What’s Behind the Issue of Fake News?


Fake news has been making waves in the media. Like many, I get my news from social media – articles shared by friends, Youtube videos about current events or alleged quotes from public figures often appear credible. A variety of different voices and perspectives allow me to build my own opinion, independently of the mainstream messages from the media. But they are also a hard to sort chaos of real information, opinions, art, satire and gibberish. Established news sources have a brand to defend, which creates a strong incentive to assure the reliability of their stories. Still, we are not spared from false news, even when reading print.

More than 30 years ago, the German newspaper “Der Stern” announced it would publish diary entries from Adolf Hitler. Closer inspection revealed them as forgeries, the reputation of the newspaper was severely damaged and sales went down. Most independent news websites and blogs that lack a reputation of their own have no such economic incentive. For them, it would be cheaper, easier and often more profitable to invent the events they report on. Fake news companies make it their standard of operation to invent engaging stories and change their name and website as soon as they have been identified as fake. Without reputation, shedding a name is not much of a sacrifice and without the constraint to remain close to the truth, an article can be optimized to generate profit through the placement of advertisement. Despite the temptation, many bloggers and freelance writers produce high-quality content, contributing their unique perspective.

The easiest way to judge the reliability of a text is to look at spelling and style. This can tell us at least whether an author was willing and able to make an effort to get those right. I for one would not have been able to get the spelling right with out the help of my colleagues, who also contributed a great deal to the readability and clearness of this blog post and thus to the reliability of the information, that will reach you. Furthermore, one can analyze an article’s sources. The Wikipedia community relies heavily on citations, to ensure the reliability of Wikipedia articles and it’s “citation needed” tag turned into a widely used meme. The chrome extension B.S. Detector (github.com/selfagency/bs-detector) checks articles against a list of known biased satirical or fraudulent sources. This is provided by OpenSources (www.opensources.com) a web service specializing in such classifications. Interesting for us at PlagScan: Many articles can be detected as fake by searching for cases of plagiarism because of the same economic forces that speak against actual reporting – it is cheaper to copy parts of other articles and combine them into a new piece.

But even in mainstream media, we find deviations from the truth. When news are reported on television, the pictures shown often have no direct connection to the reported event. Stock pictures are used to underly and illustrate the story. A cynical example of this: The film sequences of celebrating Arab children shown in television reports on the 9/11 attacks. The lines between a fake and making a real story more accessible to the viewer are blurry. One should not expect the reporters to understand every topic they write about. Optimally, they report the facts to the best of their abilities, including time and knowledge constrains. Just listing the facts without engaging the reader’s emotions by forging the reported events into an exciting story, could be considered its own kind of lie – the truth may not reach us.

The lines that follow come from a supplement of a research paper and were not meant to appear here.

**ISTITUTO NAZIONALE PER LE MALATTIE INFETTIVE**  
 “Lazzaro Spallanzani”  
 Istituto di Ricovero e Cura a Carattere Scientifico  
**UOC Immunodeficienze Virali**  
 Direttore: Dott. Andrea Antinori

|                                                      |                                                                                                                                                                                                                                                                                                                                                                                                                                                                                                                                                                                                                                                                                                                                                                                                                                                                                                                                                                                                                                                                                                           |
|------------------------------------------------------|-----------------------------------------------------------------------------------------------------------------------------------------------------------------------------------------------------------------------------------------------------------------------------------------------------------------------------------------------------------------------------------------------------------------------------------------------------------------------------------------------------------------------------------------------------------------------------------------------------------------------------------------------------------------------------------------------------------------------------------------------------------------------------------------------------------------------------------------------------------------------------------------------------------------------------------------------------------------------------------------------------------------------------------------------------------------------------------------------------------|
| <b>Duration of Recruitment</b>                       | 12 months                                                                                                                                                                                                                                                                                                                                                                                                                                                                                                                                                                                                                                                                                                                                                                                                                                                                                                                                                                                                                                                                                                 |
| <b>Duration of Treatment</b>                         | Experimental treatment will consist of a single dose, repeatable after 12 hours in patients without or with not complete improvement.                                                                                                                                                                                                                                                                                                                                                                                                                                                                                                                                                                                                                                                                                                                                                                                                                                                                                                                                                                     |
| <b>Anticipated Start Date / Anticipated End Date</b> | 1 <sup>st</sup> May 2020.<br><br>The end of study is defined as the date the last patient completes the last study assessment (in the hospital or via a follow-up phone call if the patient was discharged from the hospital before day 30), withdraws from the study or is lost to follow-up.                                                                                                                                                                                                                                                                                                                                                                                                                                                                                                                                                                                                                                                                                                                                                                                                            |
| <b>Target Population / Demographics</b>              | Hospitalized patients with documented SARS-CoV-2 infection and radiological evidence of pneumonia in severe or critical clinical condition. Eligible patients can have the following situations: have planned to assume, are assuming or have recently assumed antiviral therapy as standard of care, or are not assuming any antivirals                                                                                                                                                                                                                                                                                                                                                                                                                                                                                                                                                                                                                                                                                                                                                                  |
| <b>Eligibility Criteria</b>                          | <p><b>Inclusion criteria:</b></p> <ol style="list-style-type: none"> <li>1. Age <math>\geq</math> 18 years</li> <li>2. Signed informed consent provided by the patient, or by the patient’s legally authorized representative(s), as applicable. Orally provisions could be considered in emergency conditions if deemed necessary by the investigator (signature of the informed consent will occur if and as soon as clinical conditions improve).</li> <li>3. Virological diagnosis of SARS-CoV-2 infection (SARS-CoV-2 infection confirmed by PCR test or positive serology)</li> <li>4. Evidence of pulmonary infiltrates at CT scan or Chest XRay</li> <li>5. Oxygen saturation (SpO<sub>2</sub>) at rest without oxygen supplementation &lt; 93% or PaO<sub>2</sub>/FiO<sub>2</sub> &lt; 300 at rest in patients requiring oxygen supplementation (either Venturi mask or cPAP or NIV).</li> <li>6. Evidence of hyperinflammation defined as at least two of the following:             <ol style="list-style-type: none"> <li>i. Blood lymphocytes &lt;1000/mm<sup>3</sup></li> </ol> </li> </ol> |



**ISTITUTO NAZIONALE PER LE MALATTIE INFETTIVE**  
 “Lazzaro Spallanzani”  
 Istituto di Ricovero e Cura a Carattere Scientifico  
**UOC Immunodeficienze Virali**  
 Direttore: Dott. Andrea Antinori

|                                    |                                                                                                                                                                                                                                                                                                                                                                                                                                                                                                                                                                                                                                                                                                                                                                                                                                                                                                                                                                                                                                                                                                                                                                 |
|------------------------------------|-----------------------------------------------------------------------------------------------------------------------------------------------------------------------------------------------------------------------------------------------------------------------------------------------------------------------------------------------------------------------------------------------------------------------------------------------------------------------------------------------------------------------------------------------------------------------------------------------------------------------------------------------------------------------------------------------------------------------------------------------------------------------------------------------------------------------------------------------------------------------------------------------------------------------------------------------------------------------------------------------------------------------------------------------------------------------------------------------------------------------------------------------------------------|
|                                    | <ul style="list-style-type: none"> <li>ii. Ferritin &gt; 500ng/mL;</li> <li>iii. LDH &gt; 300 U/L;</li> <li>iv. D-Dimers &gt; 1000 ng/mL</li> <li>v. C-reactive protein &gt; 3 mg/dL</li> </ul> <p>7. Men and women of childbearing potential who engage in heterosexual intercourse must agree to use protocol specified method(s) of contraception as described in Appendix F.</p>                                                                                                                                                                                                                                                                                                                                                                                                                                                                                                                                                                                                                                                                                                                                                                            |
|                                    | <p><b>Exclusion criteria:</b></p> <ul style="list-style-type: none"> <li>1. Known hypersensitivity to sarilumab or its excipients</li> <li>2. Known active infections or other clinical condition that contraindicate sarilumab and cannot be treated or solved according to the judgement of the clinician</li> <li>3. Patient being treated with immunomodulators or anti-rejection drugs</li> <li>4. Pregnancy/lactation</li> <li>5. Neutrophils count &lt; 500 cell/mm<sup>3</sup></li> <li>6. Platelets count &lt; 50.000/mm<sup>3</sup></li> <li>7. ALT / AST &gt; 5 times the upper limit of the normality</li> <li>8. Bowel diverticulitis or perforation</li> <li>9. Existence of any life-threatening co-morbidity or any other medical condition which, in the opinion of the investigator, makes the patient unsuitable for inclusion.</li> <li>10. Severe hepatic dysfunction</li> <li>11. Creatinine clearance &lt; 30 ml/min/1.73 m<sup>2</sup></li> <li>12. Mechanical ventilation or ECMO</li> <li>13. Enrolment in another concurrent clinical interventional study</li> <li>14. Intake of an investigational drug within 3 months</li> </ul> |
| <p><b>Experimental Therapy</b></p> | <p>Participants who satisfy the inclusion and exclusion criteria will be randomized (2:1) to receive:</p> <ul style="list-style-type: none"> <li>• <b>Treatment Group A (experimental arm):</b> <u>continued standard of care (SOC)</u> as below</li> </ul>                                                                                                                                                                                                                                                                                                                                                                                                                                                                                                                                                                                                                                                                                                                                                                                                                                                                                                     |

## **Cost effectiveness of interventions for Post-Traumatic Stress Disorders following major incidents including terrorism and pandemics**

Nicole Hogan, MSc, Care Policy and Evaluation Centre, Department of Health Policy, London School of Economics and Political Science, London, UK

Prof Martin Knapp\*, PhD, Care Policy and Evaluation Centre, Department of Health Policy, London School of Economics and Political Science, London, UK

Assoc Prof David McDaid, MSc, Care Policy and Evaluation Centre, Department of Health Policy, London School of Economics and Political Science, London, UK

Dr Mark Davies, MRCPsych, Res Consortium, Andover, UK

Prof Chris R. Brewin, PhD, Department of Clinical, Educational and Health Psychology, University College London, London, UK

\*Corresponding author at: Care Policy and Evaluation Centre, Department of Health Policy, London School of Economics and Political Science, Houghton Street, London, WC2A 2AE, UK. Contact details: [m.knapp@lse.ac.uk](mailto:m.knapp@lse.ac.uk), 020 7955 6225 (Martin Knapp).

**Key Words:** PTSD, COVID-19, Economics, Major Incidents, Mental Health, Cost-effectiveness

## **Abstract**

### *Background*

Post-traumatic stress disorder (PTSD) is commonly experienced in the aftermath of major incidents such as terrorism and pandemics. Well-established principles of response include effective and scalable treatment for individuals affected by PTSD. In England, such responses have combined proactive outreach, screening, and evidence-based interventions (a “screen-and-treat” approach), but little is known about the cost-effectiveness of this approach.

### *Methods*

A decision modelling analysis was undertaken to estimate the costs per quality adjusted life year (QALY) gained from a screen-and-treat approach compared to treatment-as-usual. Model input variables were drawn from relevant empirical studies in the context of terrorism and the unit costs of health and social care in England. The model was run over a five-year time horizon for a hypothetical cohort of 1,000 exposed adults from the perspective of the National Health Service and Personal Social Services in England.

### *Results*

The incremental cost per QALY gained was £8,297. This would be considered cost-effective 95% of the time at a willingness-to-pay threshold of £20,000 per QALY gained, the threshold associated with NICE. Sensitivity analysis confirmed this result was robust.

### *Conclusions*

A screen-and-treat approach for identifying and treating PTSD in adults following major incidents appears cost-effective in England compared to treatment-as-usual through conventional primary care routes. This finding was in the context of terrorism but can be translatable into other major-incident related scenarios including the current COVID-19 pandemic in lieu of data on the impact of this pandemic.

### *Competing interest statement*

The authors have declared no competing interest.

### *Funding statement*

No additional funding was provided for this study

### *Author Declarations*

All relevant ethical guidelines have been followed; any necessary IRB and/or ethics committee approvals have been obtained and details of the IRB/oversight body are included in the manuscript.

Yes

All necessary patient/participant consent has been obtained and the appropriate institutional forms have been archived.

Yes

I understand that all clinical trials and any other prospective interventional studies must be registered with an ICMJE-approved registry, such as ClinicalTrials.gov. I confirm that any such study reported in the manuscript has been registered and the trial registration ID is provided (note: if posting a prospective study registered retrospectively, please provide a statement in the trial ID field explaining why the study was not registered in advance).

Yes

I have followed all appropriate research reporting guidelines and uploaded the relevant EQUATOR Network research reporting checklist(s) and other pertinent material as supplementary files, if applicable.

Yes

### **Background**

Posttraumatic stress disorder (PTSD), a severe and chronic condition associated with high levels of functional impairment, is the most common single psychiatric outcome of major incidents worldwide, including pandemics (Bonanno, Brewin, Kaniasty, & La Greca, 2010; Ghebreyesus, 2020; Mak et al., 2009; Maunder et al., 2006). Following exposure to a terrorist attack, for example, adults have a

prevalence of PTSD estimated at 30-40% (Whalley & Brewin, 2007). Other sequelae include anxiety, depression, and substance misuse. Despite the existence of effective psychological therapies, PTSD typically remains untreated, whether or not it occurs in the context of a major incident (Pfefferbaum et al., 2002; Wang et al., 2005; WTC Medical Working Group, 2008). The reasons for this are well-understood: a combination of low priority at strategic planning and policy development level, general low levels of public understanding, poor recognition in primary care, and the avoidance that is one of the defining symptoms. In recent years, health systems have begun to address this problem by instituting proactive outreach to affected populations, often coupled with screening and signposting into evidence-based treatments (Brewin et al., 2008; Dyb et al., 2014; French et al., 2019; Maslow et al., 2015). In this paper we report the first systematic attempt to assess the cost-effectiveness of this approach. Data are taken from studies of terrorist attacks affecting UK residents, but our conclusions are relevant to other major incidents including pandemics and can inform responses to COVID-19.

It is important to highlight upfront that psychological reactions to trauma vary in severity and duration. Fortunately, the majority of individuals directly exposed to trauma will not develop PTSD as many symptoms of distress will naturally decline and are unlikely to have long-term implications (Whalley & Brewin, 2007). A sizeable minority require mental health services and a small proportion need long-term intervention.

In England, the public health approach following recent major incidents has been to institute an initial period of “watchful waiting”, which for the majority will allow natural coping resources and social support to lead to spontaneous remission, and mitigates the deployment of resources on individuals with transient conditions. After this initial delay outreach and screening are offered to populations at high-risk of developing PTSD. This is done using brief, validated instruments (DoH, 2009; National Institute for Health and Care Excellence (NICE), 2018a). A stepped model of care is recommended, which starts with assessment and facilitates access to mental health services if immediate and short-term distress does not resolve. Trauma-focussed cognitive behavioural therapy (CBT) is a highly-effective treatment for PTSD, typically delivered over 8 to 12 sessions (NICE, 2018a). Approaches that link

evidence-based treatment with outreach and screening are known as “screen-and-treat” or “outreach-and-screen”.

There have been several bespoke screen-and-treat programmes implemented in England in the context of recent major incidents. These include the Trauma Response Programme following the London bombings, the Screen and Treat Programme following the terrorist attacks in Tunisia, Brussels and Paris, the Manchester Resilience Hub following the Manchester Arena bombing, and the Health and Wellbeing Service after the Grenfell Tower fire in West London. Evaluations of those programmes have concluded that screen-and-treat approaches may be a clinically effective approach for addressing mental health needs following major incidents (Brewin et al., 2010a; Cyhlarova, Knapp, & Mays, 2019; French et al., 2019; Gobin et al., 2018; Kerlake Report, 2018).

If we ask ourselves: “Is what I read here the absolute truth?”, the answer will most likely be “no.” A better question would be “how does this article change my views and opinions” and “is the article in relation to those changes a reliable source that warrants those changes?”

While newspapers do not depict the whole truth, they tend to reach, at least for main stream topics a precision, that is sufficient for the casually interested reader. For more specialized topics one should view a newspaper article more as a teaser. Blogs, especially those of experts, can really shine, where readers want to put in the work to consider details from a range of different sources. In the end, all information you get is first and foremost a new starting point to ask more questions about the world.

Happy digging and learning – I wish you the best of luck.

PhilippT. Wettmann

Sources and further Reading:

http://www.zeit.de/politik/deutschland/2016-12/fake-news-nachrichten-journalismus

http://www.stern.de/panorama/stern-crime/30-jahre-hitler-tagebuecher-henri-nannen-und-der-gau-3210340.html

http://www.opensources.co/ https://github.com/selfagency/bs-detector

https://www.kaggle.com/mrisdal/fake-news

Four tricky ways that fake news can fool you

http://hoaxmap.org/

http://www.nytimes.com/2016/11/20/business/media/how-fake-news-spreads.html?_r=0

https://media.ccc.de/v/33c3-8288-bonsai_kitten_waren_mir_lieber_-_rechte_falschmeldungen_in_sozialen_netzwerken

https://www.amazon.com/Ignorance-Drives-Science-Stuart-Firestein/dp/0199828075

http://blog.plagscan.com/why-is-plagiarism-tempting-to-journalists/

https://en.wikipedia.org/wiki/Wikipedia:Citation_needed

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